IP case law Court of Justice

Judgment of 16 Jan 2019, C-162/17 (Poland v Stock Polska sp. z o.o. and EUIPO)



JUDGMENT OF THE COURT (Eighth Chamber)

16 January 2019 (*)

(Appeal — EU trade mark — Opposition proceedings — Regulation (EC) No 207/2009 — Article 8(1) — Application for registration of the figurative mark including the word element LUBELSKA — Dominant and distinctive element)

In Case C-162/17 P,

APPEAL under Article 56 of the Statute of the Court of Justice of the European Union, brought on 30 March 2017,

Republic of Poland, represented by B. Majczyna, acting as Agent,

applicant,

the other parties to the proceedings being:

Stock Polska sp. z o.o., established in Warsaw (Poland), represented by T. Gawrylczyk, radca prawny,

applicant at first instance,

European Union Intellectual Property Office (EUIPO), represented by M. Rajh and D. Botis, acting as Agents,

defendant at first instance,

Lass & Steffen GmbH Wein- und Spirituosen-Import, established in Lübeck (Germany), represented by R. Kunz-Hallstein, Rechtsanwalt,

intervener at first instance,

THE COURT (Eighth Chamber),

composed of M. Vilaras, President of the Fourth Chamber, acting as President of the Eighth Chamber, J. Malenovský and D. Šváby (Rapporteur), Judges,

Advocate General: M. Campos Sánchez-Bordona,

Registrar: A. Calot Escobar,

having regard to the written procedure,

having decided, after hearing the Advocate General, to proceed to judgment without an Opinion,

gives the following

Judgment

1        By its appeal, the Republic of Poland asks the Court to set aside the judgment of the General Court of the European Union of 19 January 2017, Stock Polska v EUIPO — Lass & Steffen (LUBELSKA) (T-701/15, not published, ‘the judgment under appeal’, EU:T:2017:16) in so far as by that judgment the General Court dismissed Stock Polska sp. z o.o’s action for annulment of the decision of the Fifth Board of Appeal of the European Union Intellectual Property Office (EUIPO) of 24 September 2015 (Case R 1788/2014-5), relating to opposition proceedings between Lass & Steffen Wein- und Spirituosen-Import (‘Lass & Steffen’) and Stock Polska (‘the decision at issue’).

 Legal context

2        Under the heading ‘Relative grounds for refusal’, Article 8(1) of Council Regulation (EC) No 207/2009 of 26 February 2009 on the European Union trade mark (OJ 2009 L 78, p. 1) states:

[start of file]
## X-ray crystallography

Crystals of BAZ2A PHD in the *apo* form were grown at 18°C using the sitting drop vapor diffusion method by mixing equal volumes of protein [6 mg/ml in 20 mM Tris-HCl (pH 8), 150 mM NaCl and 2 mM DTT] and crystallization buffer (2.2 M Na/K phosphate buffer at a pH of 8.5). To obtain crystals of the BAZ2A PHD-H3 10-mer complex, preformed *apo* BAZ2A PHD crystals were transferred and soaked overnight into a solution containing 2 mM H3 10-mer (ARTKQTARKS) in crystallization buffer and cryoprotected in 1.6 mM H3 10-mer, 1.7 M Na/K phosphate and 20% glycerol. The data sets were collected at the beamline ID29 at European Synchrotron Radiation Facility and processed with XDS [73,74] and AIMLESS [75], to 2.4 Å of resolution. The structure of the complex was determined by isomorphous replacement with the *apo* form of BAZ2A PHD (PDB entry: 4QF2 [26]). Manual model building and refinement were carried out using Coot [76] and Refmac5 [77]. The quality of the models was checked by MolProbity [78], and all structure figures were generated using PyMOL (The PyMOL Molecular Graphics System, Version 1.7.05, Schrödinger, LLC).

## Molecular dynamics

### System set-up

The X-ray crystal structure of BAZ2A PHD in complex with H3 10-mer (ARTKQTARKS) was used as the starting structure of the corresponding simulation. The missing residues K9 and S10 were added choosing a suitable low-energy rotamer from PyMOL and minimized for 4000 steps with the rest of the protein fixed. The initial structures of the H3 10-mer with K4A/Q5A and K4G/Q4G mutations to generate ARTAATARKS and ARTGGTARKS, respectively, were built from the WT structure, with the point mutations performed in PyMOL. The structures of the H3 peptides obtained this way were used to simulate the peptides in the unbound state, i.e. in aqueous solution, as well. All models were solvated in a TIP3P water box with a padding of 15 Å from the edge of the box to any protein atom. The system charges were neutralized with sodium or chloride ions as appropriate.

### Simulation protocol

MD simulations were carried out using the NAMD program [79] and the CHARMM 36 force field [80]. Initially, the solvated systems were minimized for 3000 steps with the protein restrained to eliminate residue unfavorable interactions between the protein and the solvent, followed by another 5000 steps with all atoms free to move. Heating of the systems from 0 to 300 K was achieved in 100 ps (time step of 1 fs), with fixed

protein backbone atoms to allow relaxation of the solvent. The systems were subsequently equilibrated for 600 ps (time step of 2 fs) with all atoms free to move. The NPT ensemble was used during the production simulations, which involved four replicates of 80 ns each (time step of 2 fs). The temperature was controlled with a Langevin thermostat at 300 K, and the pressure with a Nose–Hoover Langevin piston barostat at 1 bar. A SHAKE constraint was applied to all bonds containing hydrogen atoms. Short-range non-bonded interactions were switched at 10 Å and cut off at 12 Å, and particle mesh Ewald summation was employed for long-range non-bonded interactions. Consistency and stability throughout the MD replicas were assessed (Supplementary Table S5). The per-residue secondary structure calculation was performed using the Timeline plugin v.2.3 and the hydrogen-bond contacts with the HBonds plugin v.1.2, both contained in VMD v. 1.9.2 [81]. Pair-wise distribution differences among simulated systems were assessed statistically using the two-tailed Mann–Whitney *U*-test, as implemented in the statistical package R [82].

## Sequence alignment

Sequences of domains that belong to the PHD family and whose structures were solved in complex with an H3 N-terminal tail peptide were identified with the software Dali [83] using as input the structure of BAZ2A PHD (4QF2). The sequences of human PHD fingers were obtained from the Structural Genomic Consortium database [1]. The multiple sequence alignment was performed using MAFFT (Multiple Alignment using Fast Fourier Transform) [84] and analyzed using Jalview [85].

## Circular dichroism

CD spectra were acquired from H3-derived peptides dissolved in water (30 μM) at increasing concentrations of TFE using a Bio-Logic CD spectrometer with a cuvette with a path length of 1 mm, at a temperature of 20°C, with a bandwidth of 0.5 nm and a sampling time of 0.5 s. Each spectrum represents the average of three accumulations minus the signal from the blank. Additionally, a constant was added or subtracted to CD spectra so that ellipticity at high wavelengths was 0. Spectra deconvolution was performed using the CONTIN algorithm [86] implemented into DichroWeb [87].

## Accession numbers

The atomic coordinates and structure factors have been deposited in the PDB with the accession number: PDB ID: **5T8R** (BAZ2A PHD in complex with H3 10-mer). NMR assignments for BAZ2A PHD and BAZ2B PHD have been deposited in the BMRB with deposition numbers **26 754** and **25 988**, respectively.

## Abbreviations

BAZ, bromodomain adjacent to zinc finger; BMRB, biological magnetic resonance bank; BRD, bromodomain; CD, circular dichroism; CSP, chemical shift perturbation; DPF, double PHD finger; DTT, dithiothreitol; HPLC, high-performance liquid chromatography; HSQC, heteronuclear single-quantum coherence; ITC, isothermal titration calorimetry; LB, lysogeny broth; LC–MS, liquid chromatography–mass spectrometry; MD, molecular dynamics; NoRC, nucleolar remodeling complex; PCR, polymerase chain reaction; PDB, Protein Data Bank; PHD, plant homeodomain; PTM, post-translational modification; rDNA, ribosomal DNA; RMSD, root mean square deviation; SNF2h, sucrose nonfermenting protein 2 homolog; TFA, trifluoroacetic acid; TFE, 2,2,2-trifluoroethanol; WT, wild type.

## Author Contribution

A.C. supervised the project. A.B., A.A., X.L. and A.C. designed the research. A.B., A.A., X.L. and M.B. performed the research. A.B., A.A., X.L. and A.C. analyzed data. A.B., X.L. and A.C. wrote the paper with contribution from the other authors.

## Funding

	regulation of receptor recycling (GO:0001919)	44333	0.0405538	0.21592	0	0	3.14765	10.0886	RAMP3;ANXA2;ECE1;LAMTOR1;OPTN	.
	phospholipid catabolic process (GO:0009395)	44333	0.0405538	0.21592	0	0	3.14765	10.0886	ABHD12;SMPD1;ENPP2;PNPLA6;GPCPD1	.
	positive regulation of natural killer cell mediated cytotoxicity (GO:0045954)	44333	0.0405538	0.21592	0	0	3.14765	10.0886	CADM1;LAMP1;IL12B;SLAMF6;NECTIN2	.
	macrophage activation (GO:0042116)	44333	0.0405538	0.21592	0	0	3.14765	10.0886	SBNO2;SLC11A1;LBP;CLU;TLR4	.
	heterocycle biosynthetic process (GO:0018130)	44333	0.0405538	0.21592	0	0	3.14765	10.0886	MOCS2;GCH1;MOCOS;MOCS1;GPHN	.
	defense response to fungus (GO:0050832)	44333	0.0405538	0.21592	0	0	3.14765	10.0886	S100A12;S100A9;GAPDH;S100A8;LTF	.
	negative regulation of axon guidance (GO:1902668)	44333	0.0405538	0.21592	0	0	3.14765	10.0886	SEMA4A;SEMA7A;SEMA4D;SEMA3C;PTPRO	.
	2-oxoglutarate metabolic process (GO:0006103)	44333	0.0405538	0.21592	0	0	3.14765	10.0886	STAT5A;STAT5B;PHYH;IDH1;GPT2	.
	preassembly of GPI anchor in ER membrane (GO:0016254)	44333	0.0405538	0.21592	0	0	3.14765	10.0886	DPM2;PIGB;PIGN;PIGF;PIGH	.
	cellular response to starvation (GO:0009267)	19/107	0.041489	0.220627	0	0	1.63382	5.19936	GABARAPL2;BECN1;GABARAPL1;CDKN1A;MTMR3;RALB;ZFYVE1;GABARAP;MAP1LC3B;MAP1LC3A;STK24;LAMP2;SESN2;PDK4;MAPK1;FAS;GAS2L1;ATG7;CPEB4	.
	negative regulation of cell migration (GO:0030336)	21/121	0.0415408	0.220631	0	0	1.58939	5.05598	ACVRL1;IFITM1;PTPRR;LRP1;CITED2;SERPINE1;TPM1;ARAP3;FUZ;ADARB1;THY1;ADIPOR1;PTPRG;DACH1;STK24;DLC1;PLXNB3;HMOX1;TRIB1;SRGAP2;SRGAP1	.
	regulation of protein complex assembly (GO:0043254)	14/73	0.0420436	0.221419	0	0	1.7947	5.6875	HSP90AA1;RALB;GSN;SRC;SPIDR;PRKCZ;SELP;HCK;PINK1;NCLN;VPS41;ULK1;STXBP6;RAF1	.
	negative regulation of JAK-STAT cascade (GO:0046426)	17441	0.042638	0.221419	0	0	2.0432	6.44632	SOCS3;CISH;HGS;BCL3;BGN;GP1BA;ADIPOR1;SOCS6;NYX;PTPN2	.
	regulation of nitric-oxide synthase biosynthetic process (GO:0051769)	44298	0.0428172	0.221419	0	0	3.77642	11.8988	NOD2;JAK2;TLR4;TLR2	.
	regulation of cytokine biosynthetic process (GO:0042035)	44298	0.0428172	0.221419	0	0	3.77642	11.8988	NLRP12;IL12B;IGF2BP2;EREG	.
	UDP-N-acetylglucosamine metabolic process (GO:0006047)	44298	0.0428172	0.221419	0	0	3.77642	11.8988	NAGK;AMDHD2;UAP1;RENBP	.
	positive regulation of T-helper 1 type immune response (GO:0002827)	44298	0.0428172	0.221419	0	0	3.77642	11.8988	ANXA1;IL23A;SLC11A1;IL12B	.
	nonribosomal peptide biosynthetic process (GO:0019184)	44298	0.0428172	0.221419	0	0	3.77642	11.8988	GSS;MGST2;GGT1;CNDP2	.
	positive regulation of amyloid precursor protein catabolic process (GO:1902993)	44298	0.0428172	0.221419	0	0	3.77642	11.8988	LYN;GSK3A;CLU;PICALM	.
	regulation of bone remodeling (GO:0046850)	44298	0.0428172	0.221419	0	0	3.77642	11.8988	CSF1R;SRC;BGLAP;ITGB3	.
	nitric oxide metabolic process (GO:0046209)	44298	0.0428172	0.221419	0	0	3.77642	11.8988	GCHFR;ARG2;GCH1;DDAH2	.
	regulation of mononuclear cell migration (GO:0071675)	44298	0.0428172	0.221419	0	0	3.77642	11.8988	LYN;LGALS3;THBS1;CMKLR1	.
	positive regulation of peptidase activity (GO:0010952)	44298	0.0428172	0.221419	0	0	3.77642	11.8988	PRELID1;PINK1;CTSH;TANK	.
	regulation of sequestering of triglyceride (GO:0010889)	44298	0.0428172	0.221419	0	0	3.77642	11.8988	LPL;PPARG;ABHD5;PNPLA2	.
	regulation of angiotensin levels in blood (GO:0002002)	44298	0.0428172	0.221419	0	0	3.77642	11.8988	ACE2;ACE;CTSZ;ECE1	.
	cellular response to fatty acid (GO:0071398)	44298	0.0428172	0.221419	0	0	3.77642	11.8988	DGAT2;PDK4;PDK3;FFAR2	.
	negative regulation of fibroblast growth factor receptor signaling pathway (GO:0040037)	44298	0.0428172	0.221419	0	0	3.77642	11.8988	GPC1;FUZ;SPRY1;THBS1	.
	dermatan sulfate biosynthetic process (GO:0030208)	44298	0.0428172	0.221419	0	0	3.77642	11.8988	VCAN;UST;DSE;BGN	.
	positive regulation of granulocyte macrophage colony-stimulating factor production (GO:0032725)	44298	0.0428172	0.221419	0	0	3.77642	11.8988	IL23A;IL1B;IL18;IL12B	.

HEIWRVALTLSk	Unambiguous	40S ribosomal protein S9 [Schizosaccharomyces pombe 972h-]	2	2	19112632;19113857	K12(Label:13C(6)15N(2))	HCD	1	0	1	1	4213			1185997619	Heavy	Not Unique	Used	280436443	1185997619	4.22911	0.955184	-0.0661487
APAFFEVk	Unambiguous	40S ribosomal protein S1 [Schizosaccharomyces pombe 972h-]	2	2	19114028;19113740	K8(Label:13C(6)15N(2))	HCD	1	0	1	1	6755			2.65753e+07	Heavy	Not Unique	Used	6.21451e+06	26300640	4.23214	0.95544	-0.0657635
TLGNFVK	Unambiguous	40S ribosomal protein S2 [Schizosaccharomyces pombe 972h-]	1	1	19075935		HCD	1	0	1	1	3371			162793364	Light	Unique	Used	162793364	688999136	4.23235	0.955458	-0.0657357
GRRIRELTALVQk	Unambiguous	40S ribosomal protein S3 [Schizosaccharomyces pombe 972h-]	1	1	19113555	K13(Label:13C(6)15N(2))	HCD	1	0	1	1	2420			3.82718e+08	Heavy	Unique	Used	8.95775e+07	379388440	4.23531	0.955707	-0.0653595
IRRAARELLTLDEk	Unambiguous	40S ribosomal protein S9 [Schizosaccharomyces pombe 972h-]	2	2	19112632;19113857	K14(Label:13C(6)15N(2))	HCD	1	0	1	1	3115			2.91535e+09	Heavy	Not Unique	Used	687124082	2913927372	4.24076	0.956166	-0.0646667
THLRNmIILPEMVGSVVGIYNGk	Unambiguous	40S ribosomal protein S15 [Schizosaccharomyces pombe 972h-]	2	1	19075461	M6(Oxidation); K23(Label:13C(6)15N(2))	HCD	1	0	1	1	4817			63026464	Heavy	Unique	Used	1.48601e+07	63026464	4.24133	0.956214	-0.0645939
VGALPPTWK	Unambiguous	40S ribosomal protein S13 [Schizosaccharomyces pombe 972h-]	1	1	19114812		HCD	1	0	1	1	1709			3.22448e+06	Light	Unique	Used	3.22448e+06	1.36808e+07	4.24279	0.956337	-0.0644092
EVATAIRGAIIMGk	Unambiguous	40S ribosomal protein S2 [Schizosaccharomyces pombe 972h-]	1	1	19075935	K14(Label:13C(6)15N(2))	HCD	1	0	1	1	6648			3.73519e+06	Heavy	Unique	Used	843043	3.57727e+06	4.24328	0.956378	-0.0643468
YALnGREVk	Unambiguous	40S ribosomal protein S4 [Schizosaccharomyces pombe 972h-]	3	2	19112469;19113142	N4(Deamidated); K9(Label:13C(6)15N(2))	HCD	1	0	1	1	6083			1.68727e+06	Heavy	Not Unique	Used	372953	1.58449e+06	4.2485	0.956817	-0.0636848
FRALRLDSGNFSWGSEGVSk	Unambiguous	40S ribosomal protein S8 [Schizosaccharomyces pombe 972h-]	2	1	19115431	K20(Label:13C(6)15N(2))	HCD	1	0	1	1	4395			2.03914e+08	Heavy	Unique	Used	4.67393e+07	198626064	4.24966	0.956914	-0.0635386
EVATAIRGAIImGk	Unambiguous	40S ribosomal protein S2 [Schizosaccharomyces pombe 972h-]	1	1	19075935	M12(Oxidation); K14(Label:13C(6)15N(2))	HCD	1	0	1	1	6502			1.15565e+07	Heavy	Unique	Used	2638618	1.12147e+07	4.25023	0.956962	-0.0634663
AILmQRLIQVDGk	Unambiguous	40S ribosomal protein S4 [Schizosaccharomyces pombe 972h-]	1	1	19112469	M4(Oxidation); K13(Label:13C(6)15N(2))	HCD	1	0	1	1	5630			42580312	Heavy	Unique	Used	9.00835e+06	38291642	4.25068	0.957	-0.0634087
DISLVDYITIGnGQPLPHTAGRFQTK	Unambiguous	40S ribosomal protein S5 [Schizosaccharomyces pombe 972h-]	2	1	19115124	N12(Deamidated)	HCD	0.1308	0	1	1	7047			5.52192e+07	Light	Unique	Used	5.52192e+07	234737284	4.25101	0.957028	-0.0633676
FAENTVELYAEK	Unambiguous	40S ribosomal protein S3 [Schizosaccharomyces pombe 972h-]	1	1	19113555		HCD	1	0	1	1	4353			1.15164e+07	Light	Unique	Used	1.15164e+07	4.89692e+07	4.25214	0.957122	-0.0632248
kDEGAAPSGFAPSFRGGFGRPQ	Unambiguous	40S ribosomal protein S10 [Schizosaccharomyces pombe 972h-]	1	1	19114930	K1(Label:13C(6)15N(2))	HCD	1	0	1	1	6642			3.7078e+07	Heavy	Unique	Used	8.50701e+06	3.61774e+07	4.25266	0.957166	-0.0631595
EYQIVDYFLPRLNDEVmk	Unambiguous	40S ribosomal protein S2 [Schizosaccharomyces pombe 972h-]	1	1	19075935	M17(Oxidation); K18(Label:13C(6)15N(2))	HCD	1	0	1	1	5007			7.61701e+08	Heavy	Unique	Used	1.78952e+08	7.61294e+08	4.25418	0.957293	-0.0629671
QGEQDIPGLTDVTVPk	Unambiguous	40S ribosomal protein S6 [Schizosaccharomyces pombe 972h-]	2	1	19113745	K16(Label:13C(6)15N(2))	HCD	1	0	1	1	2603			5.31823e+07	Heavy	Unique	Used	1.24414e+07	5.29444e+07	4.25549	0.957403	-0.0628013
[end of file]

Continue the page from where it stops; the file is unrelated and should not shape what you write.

‘Upon opposition by the proprietor of an earlier trade mark, the trade mark applied for shall not be registered:

...

(b)       if because of its identity with, or similarity to, the earlier trade mark and the identity or similarity of the goods or services covered by the trade marks there exists a likelihood of confusion on the part of the public in the territory in which the earlier trade mark is protected; the likelihood of confusion includes the likelihood of association with the earlier trade mark.

...’

 Background to the dispute

3        On 14 March 2013, Stock Polska filed an application for registration of an EU trade mark at EUIPO under Regulation No 207/2009.

4        Registration as a mark was sought for the following figurative sign:

Image not found

5        The goods in respect of which registration was sought are in Class 33 of the Nice Agreement concerning the International Classification of Goods and Services for the Purposes of the Registration of Marks of 15 June 1957, as revised and amended, and correspond to the following description: ‘Alcoholic drinks (except beers)’.

6        On 30 July 2013, Lass & Steffen filed with EUIPO a notice of opposition pursuant to Article 41 of Regulation No 207/2009 to registration of the mark applied for in respect of all of the goods referred to in the application for registration.

7        The opposition was based on the earlier German word mark, Lubeca, registered on 28 January 1985 under No 1073075, for ‘Alcoholic beverages (except beers)’, in Class 33 of the Nice Agreement.

8        By decision of 14 May 2014, the Opposition Division of EUIPO upheld the opposition. It found, in essence, that there was a likelihood of confusion as a result of the identity of the goods concerned and of the similarity of the signs at issue.

9        On 11 July 2014, the applicant filed a notice of appeal with EUIPO, pursuant to Articles 58 to 64 of Regulation No 207/2009.